Wednesday, 4 March 2015

The window seat and me

Train observations are obviously a great space filler, so here, in best social media tradition, are my favourite kinds of seats and the reason why. The train companies should love me; I want the least popular kind of seat - an airline style aisle seat, and I don't mind if I have my back to the engine and a Virgin-style windowless stretch of cabin side to boot. But I often don't get what my heart most desires, and someone else is probably losing out as a result.

At least when booking, you can specify an aisle seat. Now obviously, in an ideal world, one wants to undertake one's entire journey next to an empty seat. No jostling for elbow room on the armrest, no awkwardly asking if you can lower the armrest to put some semblance of a barrier between you and next door's flab/smelly anorak, and above all, no sniffing, coughing and spluttering of myriad viruses into your airspace. But if you have an aisle seat, at least you are not at risk of being trapped and compressed into the corner by some corpulent malodorous germ-ridden stranger. At least there is a possibility of escape, and you don't have to ask permission to go to the toilet.

When booking, you can specify a table seat. I never do. Unfortunately, you cannot specify a non-table seat. So at least half the time I find my seat involves me facing someone else, and getting my feet tangled with theirs, and either having to complain or silently seething about the hard shell wheelie suitcase they have put under the table. But with an airline seat, I can stick my feet under the one in front (whilst selfishly denying that pleasure to the person behind me by putting my bag under my seat). I have a little table, should I need one. And best of all, I don't have someone gawping at me for two hours.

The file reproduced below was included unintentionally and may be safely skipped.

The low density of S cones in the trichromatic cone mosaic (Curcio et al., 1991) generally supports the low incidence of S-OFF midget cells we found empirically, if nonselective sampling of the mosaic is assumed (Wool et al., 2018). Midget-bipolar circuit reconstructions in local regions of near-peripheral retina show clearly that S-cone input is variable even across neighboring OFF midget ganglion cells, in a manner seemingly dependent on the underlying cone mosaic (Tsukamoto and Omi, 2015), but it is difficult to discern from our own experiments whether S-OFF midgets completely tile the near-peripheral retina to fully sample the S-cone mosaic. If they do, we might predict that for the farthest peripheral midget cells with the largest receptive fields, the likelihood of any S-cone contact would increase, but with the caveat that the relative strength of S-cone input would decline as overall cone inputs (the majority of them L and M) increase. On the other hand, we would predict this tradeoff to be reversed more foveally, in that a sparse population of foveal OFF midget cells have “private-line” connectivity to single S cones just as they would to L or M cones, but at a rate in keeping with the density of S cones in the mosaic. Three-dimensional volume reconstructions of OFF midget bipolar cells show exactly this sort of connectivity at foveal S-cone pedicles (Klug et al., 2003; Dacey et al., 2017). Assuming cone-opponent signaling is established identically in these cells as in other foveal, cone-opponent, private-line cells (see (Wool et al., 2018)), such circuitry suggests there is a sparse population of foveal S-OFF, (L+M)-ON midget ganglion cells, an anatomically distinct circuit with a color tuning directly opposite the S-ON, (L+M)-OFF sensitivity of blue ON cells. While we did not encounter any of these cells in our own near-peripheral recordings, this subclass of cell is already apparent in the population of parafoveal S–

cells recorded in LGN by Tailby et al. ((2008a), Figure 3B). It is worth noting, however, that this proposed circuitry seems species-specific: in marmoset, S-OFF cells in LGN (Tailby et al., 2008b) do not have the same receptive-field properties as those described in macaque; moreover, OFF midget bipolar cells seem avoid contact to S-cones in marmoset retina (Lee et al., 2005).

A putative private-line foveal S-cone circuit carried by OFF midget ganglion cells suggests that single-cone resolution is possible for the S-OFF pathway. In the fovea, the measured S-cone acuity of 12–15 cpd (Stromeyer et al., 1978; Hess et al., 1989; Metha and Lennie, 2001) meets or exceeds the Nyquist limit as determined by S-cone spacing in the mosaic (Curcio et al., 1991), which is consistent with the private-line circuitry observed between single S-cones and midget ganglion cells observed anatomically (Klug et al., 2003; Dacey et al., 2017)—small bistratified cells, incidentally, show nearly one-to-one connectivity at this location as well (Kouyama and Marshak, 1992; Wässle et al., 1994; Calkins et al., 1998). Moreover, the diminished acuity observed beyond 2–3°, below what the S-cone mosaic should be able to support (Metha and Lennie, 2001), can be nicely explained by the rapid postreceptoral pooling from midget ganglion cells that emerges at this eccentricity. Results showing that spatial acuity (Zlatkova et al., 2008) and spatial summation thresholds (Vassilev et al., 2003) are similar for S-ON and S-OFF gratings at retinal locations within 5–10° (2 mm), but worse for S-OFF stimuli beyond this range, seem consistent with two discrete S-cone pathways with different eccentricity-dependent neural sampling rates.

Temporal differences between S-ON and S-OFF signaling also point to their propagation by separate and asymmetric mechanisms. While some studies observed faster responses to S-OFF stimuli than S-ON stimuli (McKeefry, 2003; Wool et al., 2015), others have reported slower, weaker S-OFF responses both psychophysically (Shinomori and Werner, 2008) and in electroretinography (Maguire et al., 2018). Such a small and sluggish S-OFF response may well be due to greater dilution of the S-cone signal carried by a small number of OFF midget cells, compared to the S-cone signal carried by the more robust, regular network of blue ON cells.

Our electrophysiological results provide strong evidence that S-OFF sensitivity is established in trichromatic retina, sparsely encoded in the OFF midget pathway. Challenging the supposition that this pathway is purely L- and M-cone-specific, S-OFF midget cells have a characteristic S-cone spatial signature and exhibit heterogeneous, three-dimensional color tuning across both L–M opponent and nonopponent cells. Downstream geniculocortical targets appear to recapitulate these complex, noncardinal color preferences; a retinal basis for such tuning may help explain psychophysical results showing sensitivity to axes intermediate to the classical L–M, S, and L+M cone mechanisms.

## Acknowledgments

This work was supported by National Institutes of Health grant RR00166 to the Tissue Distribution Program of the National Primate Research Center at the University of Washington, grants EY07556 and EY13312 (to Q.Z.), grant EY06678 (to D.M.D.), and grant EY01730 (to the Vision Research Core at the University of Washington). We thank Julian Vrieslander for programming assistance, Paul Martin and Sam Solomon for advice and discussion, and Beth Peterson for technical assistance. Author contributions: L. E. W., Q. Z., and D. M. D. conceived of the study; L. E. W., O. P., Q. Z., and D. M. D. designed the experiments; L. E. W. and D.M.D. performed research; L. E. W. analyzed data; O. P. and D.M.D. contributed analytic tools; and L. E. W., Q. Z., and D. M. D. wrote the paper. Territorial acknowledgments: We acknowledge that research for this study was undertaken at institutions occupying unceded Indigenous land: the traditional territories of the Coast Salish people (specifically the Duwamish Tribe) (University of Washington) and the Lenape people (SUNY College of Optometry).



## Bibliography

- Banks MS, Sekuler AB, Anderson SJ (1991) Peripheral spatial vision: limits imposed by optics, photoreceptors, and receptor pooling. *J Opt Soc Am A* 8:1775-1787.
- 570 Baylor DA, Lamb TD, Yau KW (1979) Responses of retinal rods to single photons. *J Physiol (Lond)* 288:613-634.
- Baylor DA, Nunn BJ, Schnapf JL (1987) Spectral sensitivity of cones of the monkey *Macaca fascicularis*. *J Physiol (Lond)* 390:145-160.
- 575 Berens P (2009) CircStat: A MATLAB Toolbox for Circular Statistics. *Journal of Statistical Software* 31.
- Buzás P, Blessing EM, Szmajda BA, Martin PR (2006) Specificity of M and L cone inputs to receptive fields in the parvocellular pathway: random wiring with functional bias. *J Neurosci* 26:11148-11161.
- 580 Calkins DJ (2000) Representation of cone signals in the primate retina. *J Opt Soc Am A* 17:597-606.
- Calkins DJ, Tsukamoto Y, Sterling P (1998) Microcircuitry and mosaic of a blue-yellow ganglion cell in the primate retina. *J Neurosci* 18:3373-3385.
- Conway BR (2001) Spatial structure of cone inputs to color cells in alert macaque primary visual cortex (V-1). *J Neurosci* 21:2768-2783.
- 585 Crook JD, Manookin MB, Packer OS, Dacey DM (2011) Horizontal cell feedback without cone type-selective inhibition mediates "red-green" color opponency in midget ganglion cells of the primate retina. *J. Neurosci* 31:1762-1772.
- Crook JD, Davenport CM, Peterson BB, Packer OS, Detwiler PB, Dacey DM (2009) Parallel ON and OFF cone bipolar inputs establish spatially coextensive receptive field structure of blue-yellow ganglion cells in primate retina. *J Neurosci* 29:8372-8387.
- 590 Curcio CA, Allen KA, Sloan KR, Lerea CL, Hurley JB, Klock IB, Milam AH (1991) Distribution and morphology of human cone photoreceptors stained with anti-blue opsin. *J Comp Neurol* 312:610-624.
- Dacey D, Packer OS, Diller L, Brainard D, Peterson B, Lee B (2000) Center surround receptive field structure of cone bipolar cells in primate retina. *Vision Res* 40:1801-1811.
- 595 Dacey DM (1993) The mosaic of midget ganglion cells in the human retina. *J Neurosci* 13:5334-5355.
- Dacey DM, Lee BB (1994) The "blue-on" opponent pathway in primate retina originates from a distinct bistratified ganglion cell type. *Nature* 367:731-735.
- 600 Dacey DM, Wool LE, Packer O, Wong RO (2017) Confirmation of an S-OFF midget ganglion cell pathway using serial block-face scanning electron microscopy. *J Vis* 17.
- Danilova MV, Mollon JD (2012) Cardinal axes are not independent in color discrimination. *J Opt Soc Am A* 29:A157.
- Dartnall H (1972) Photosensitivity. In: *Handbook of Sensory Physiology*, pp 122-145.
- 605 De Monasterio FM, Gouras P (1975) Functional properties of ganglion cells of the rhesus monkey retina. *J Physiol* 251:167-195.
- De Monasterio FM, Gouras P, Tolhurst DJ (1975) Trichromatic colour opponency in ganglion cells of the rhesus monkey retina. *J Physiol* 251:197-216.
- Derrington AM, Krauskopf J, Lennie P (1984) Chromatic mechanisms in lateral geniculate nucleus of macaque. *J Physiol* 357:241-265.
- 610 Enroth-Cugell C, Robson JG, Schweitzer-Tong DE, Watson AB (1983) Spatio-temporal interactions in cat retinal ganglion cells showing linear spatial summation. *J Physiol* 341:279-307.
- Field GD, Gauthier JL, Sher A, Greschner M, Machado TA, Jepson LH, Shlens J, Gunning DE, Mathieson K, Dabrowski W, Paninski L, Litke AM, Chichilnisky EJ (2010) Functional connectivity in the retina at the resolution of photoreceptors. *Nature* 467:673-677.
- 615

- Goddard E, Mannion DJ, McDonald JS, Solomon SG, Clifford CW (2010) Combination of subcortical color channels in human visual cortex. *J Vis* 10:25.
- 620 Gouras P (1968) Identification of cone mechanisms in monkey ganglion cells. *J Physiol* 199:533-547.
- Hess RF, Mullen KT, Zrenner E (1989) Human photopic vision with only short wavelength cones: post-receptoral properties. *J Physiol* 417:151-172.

Now, I know that as long as I'm on the right train, it doesn't really matter where I sit. But if I take a non-reserved seat, I'm potentially depriving someone else of it, because they won't sit in my, apparently reserved, one. I could offer to swap, but that involves too much human interaction, sometimes. Often, anyway, the whole carriage is reserved. (Can I just mention a really petty thing that annoys me? When people come down the carriage looking for C27A, and can only find C27. The A stands for Aisle and is otherwise meaningless. Why do the train companies insist on printing it on the ticket and confusing people?)

So, I don't feel sick with my back to the engine, I don't want to make conversation, and I don't want to look out of the window. All I ask is a decent light, and I'll have my nose in a book the whole way. That's what trains are for, and that's what books are for.

6 comments:

  1. Sarah,
    So it's you that's been sitting next to me all this time!
    Jim

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  2. "A" stands for airline (but don't ask me why railways have to call them after their competitors) not aisle.

    Putting the A also sends lots of people to coach A when they haven't read the ticket properly.

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    1. No, it's definitely 'aisle', at least on the trains I use. I have my tickets from the last trip I made. One was a table and one was airline, but they're both marked 'A'. Mine are always A for aisle whether a table or an airline seat. Given that each seat has an individual number anyway, I wonder why they feel this further detail is necessary.

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  3. I still don't think the A means aisle.

    http://www.nationalrail.co.uk/times_fares/ticket_types/46581.aspx under "What kind of seat has been reserved for me" confirms my experiences. "A" almost always means "Airline" but can be used where the matching facing and back have different numbers

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    Replies
    1. All I can say is that it never has in my experience of Virgin, East Midlands, or GNER (as was) trains. And my table seat ticket from my last journey bears an A just the same as all my others.

      But why have it at all?

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  4. Interestingly on Crosscountry trains I recently bought Coach: C Seat: 28A which is a window seat on a table of four!

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